Taheb – The Samaritan Messiah

We continue onwards through our journey of the socio-political groups of Jesus’ day with this week’s group the Samaritans.  You can find the audio online at the website of Prestoncrest Church of Christ and also on my Audio Lessons page (along with the handout).

One thing I was happily surprised to discover during my studies as I prepped for the class this past week was the similarities between much of Samaritan theology and that of the early Christians, especially regarding the Taheb, the Samaritan’s messiah.  If you listen to the audio lesson I gave three examples of where the Samaritan theology is strikingly similar to the book of John, and if you haven’t listened to it yet I encourage you to do so because it blew me away when I first read it.  There is one more comparison I’d like to make with the Samaritans and Jesus that I did not get the chance to make in class, so join me as we jump in.

The Samaritan text I quoted from in the lesson is the Memar, compiled by the Samaritan scholar Marqah. There is a rather lengthy debate among scholars about when the Memar was written, with most putting him at the same time as the Samaritan reformer Baba Rabba (lit. meaning “Great Gate”) who lived in the late 3rd century to early 4th century AD.  Some writers put him during the time of Philo (20 BC – AD 50) which would obviously be much closer to the time of Jesus.  Some scholars want to place him father out into Islamic times (8th century and onwards) but this is only a minority opinion.  It is likely that Marqah lived around the first few centuries of our common era.

A strong theme in Samaritanism is the coming of the Taheb, which means “restorer.”  They say he will be a prophet like Moses (based on Deut. 18:15,18) and so many times when they speak of the Taheb who will come they call him Moses. The entire below excerpt is about the Taheb who will come, and was written by a scholar who has pulled together from the Memar some relevant nuggets:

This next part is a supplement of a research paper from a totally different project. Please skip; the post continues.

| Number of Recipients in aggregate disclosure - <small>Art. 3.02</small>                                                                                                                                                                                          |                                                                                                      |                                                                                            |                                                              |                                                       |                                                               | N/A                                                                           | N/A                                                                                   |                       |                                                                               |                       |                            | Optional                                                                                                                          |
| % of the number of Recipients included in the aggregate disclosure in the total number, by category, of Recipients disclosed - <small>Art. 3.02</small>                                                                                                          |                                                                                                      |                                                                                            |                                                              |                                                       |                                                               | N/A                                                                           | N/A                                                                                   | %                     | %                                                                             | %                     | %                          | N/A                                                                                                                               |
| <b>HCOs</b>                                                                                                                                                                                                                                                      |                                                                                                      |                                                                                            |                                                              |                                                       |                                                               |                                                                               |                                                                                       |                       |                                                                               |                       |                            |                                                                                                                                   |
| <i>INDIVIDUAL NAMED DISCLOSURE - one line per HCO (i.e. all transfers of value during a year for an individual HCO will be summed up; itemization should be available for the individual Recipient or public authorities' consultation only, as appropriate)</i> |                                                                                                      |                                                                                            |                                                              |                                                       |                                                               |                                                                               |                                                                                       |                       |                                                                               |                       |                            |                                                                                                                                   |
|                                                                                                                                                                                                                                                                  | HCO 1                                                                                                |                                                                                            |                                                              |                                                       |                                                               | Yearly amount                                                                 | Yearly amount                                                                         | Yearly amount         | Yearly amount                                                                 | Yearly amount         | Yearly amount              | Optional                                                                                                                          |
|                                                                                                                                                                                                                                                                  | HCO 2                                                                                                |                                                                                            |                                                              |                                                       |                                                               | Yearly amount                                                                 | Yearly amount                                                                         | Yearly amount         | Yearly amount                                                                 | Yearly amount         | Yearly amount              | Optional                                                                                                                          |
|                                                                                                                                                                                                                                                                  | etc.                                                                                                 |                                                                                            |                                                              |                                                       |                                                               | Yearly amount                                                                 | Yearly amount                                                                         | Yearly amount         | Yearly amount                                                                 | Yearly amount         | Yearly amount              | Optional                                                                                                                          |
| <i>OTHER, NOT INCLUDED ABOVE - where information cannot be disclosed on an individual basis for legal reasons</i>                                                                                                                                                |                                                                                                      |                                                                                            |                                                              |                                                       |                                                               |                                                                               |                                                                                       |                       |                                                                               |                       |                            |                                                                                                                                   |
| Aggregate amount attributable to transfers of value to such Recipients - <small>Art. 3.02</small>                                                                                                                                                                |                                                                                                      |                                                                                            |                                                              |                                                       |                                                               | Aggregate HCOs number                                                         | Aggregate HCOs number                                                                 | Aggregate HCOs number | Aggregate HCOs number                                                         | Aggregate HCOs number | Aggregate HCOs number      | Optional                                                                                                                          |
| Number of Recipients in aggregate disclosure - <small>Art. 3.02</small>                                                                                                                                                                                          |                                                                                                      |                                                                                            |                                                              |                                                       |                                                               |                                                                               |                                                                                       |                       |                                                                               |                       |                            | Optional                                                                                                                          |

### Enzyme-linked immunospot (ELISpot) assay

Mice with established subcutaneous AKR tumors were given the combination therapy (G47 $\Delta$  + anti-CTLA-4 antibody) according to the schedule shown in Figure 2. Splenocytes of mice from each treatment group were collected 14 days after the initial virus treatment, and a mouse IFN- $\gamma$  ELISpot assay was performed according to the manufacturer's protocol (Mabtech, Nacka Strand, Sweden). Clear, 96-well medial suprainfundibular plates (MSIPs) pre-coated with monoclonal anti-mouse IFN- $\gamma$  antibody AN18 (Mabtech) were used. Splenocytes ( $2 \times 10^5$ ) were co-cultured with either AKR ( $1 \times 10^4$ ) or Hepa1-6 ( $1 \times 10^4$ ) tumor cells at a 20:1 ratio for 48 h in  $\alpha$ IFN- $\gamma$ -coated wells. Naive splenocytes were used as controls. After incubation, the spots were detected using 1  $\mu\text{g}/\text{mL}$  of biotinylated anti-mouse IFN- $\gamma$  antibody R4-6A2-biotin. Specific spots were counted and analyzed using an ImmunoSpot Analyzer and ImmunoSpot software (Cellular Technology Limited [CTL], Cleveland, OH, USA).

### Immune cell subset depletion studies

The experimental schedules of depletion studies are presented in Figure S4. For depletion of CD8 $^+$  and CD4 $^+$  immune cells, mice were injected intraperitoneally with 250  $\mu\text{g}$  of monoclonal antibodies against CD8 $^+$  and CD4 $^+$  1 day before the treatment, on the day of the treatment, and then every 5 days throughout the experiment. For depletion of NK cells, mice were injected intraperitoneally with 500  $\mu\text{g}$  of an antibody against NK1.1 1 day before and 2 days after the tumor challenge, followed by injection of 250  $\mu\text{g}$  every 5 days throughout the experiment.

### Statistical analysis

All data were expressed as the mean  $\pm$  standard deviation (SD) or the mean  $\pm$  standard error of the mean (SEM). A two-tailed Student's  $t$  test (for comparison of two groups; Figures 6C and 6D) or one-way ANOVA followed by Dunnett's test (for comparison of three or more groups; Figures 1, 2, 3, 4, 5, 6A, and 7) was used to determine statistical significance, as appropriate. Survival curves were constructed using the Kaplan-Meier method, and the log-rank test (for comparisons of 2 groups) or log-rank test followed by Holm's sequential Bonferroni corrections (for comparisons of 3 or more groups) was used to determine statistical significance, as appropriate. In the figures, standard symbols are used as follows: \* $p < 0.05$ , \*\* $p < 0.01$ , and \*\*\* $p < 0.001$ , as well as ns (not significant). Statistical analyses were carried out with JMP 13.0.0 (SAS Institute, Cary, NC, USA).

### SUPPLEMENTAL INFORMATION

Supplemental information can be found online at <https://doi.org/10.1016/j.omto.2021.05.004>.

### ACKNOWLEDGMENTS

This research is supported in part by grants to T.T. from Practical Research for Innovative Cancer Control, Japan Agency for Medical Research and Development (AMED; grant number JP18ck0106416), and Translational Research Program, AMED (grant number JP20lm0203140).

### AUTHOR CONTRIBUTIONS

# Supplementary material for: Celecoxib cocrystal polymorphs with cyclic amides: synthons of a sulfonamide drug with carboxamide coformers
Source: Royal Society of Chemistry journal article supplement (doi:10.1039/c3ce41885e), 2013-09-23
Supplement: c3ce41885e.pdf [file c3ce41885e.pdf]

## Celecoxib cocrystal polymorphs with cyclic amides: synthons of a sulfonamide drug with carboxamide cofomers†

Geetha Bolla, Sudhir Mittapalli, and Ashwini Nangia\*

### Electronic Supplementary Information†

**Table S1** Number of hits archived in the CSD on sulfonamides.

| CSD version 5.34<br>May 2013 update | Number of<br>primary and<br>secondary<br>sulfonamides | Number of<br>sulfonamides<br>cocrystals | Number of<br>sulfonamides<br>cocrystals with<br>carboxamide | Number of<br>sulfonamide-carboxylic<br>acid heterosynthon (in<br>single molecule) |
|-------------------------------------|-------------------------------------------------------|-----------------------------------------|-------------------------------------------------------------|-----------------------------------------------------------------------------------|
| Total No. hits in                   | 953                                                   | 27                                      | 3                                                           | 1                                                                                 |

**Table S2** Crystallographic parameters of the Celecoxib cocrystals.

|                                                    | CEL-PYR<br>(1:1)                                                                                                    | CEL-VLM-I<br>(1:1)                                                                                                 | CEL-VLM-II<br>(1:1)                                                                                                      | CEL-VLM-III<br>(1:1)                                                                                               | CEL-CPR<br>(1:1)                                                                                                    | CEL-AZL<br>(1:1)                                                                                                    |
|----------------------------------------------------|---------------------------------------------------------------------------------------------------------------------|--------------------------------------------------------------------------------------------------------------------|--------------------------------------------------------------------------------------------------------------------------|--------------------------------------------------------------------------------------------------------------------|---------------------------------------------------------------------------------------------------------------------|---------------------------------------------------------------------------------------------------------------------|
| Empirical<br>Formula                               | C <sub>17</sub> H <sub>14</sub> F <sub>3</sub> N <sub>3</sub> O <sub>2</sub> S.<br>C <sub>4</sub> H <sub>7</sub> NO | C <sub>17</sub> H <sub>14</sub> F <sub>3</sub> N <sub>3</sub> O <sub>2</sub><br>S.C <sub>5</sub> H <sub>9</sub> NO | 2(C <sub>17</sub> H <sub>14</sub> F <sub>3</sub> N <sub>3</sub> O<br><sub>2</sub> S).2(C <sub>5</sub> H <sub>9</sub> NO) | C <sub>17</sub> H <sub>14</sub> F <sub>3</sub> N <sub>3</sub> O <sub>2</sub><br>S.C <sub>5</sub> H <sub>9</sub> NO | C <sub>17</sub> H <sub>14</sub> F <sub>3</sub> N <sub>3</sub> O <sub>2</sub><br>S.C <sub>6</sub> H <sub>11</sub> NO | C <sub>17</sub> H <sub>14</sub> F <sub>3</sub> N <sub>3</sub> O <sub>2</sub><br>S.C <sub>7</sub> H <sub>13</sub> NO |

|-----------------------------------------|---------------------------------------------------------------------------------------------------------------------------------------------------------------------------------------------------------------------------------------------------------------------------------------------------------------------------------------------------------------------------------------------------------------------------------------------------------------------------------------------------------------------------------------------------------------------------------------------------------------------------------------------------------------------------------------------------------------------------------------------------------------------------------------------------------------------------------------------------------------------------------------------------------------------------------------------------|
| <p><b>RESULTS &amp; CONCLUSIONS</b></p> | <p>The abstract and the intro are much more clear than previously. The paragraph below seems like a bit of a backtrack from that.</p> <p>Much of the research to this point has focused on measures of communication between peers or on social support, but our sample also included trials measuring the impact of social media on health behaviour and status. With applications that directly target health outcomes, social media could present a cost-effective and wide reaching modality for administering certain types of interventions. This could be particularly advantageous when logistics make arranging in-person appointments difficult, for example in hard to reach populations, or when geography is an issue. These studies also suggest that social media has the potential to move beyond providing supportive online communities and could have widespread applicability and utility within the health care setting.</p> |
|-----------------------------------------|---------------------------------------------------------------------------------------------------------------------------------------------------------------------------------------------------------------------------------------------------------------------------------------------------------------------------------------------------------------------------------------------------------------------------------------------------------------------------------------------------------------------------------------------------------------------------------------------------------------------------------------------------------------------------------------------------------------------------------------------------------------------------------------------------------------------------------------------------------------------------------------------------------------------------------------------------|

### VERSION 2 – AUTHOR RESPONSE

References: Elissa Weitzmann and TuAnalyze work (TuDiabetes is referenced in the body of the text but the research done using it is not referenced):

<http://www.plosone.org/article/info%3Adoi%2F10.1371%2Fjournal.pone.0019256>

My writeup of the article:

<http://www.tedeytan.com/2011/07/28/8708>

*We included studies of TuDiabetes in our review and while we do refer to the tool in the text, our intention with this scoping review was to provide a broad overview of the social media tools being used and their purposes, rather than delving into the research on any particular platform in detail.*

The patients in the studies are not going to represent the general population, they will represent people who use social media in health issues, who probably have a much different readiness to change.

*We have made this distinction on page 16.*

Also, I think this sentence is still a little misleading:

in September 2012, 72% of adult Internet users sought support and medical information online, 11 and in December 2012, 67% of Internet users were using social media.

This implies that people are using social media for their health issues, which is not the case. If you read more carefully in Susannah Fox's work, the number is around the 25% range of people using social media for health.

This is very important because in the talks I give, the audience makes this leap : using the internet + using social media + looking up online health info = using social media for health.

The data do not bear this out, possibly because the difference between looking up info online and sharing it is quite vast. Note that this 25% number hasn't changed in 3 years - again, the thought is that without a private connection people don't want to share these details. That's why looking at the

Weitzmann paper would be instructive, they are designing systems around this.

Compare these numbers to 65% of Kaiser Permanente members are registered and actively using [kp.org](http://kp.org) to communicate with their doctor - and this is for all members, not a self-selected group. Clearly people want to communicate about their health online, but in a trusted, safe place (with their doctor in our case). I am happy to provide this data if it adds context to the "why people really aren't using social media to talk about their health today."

“Moreover, for the Samaritans, Moses is the Taheb (“Restorer”), the expected messiah-like eschatological figure who will bring about a golden age and will pray for the guilty and save them. The Samaritans alone give prominence to the title “man of God” for Moses…Moses is a second God, God’s vice-regent upon earth (Memar Marqah 1.2), whose very name includes the title “Elokim” (God) (Memar Marqah 5.4), so that he who believes in him believes in his LORD (Memar Marqah 4.7).”  (p. 397, footnote 47, Feldman, Josephus’s interpretation of the Bible)

Notice that the Taheb, while called Moses, is still to come. They are still expecting him and looking forward to the golden age that he will bring, an age that has not already been brought.  The Taheb who will be like Moses would be so much like God that anyone who believes in him believes in the Taheb’s Lord (God).  Now compare to the words of Jesus in the Gospel of John:

“Then Jesus cried out, ‘When a man believes in me, he does not believe in me only, but in the one who sent me. When he looks at me, he sees the one who sent me.'” (John 12:44-45)

Do you find it strange that Jesus was fulfilling not only Jewish messianic expectations but also Samaritan?  Regardless of when the Memar was written, most scholars agree that Marqah merely collected and penned Samaritan theology that was much older than the date he wrote it down.  So it’s interesting to me that the Samaritans probably held this view during the first century and Jesus, being the master teacher that he was/is, spoke to the people in a way they could understand him, using their own terms and theological ideas to reach them.  It’s no wonder that (as we talked about in class last night) some of the very first converts to come into the church are Samaritans found in Acts 8.

Peace to you,


Josephus’s interpretation of the Bible

By Louis H. Feldman


13 thoughts on “Taheb – The Samaritan Messiah